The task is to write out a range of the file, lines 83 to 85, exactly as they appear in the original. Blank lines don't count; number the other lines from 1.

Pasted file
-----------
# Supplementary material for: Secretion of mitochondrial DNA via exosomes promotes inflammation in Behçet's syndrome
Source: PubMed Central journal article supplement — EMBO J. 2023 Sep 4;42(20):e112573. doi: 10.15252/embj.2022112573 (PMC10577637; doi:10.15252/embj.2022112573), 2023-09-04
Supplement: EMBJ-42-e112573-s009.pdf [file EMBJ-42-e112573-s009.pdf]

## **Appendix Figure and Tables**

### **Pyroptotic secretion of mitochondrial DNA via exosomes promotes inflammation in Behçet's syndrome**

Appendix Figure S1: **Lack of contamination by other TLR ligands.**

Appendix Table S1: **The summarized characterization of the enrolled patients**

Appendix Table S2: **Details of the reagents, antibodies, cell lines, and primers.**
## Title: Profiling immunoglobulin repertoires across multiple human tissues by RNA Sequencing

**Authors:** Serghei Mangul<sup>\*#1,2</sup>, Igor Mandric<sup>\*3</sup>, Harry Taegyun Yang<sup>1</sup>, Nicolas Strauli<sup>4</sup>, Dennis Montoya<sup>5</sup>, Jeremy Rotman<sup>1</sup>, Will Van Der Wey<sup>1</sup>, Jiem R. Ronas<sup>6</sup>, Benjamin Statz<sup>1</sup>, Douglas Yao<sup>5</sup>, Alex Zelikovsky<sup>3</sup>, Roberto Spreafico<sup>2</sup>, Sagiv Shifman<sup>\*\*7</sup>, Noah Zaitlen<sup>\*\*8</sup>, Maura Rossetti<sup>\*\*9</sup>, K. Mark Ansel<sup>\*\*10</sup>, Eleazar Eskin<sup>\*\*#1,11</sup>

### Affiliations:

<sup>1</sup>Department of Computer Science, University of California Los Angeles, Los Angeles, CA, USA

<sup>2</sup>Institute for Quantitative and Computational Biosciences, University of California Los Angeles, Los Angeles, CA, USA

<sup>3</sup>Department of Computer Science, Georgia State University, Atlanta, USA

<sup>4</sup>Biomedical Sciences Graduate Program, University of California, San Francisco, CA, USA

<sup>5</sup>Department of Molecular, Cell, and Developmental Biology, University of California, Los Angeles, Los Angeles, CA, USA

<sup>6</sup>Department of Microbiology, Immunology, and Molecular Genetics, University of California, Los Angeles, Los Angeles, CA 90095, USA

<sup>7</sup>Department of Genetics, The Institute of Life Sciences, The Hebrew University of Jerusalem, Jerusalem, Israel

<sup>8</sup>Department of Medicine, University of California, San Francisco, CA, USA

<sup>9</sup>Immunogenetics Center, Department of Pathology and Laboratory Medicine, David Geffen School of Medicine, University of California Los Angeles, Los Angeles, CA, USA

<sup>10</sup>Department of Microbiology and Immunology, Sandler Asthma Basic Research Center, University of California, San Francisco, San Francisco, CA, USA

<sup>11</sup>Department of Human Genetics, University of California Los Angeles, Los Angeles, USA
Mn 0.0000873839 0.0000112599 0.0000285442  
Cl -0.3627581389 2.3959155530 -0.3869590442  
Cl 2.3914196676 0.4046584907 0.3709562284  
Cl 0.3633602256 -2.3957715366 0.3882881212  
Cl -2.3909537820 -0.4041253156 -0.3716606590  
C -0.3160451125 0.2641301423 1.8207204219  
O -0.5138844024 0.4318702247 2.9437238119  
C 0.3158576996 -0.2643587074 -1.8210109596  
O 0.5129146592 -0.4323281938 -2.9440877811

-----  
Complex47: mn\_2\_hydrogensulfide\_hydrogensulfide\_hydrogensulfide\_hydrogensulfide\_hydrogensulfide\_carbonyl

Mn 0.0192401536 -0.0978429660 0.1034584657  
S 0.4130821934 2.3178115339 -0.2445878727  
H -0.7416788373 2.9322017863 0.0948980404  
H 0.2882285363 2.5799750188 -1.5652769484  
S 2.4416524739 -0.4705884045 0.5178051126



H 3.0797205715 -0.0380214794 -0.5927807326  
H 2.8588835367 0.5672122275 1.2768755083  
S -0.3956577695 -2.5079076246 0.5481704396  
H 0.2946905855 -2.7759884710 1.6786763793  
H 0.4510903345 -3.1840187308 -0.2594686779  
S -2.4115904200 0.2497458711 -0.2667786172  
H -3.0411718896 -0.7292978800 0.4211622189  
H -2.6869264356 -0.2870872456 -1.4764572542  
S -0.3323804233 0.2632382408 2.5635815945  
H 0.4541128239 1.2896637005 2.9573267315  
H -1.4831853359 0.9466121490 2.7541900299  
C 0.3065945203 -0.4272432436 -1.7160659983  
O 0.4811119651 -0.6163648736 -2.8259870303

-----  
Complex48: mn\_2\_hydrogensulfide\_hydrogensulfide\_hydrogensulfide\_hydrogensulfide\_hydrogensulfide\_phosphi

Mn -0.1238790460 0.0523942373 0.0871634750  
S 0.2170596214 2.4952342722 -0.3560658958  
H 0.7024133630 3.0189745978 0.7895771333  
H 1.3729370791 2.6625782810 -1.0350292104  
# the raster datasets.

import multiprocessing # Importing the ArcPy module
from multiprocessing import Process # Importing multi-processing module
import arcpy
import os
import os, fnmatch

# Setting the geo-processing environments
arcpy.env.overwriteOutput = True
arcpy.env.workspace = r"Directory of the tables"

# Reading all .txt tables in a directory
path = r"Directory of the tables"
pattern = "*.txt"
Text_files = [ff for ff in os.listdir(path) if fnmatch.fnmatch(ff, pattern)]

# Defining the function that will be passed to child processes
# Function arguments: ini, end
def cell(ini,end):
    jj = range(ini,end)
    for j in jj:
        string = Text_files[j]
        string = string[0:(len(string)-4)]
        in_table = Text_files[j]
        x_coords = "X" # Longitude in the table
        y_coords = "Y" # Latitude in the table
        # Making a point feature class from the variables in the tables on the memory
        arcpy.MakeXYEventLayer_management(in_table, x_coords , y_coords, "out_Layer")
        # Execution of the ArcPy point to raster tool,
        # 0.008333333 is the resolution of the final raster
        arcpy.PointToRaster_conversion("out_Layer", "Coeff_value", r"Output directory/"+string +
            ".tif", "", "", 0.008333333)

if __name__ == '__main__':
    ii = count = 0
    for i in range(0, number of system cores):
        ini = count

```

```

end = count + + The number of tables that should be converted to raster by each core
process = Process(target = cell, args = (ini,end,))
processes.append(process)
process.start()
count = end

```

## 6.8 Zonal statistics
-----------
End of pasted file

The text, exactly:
        # Execution of the ArcPy point to raster tool,
        # 0.008333333 is the resolution of the final raster
        arcpy.PointToRaster_conversion("out_Layer", "Coeff_value", r"Output directory/"+string +